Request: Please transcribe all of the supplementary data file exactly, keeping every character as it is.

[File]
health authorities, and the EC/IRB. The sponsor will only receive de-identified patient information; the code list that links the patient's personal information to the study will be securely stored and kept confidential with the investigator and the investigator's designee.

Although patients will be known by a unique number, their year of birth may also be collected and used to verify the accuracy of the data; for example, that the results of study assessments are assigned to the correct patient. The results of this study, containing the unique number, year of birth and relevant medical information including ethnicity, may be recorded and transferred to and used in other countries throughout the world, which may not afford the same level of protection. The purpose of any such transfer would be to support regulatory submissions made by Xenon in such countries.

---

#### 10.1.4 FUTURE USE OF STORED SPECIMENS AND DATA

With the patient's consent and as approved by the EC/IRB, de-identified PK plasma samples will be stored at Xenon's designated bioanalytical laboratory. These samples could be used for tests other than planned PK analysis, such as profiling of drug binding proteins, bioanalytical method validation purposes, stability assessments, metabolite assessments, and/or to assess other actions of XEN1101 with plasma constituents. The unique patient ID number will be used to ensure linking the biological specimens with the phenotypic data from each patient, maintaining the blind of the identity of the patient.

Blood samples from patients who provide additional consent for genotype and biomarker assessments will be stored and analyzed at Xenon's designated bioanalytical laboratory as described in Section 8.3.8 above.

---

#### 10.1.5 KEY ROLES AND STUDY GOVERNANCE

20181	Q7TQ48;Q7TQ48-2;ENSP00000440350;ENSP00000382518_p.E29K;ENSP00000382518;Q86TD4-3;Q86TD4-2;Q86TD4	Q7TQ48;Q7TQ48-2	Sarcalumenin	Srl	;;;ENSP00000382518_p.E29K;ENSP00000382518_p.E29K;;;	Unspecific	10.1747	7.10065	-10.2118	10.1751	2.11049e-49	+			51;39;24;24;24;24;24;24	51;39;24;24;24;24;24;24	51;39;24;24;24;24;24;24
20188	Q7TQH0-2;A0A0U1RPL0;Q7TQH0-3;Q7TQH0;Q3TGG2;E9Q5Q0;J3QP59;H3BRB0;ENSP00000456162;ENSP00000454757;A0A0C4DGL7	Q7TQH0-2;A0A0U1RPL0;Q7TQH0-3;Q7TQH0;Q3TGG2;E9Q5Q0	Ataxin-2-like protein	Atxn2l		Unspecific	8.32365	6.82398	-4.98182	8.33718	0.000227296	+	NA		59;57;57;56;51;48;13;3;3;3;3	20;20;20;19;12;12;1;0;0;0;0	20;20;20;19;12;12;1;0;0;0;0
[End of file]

health authorities, and the EC/IRB. The sponsor will only receive de-identified patient information; the code list that links the patient's personal information to the study will be securely stored and kept confidential with the investigator and the investigator's designee.

Although patients will be known by a unique number, their year of birth may also be collected and used to verify the accuracy of the data; for example, that the results of study assessments are assigned to the correct patient. The results of this study, containing the unique number, year of birth and relevant medical information including ethnicity, may be recorded and transferred to and used in other countries throughout the world, which may not afford the same level of protection. The purpose of any such transfer would be to support regulatory submissions made by Xenon in such countries.

---

#### 10.1.4 FUTURE USE OF STORED SPECIMENS AND DATA

With the patient's consent and as approved by the EC/IRB, de-identified PK plasma samples will be stored at Xenon's designated bioanalytical laboratory. These samples could be used for tests other than planned PK analysis, such as profiling of drug binding proteins, bioanalytical method validation purposes, stability assessments, metabolite assessments, and/or to assess other actions of XEN1101 with plasma constituents. The unique patient ID number will be used to ensure linking the biological specimens with the phenotypic data from each patient, maintaining the blind of the identity of the patient.

Blood samples from patients who provide additional consent for genotype and biomarker assessments will be stored and analyzed at Xenon's designated bioanalytical laboratory as described in Section 8.3.8 above.

---

#### 10.1.5 KEY ROLES AND STUDY GOVERNANCE

20181	Q7TQ48;Q7TQ48-2;ENSP00000440350;ENSP00000382518_p.E29K;ENSP00000382518;Q86TD4-3;Q86TD4-2;Q86TD4	Q7TQ48;Q7TQ48-2	Sarcalumenin	Srl	;;;ENSP00000382518_p.E29K;ENSP00000382518_p.E29K;;;	Unspecific	10.1747	7.10065	-10.2118	10.1751	2.11049e-49	+			51;39;24;24;24;24;24;24	51;39;24;24;24;24;24;24	51;39;24;24;24;24;24;24
20188	Q7TQH0-2;A0A0U1RPL0;Q7TQH0-3;Q7TQH0;Q3TGG2;E9Q5Q0;J3QP59;H3BRB0;ENSP00000456162;ENSP00000454757;A0A0C4DGL7	Q7TQH0-2;A0A0U1RPL0;Q7TQH0-3;Q7TQH0;Q3TGG2;E9Q5Q0	Ataxin-2-like protein	Atxn2l		Unspecific	8.32365	6.82398	-4.98182	8.33718	0.000227296	+	NA		59;57;57;56;51;48;13;3;3;3;3	20;20;20;19;12;12;1;0;0;0;0	20;20;20;19;12;12;1;0;0;0;0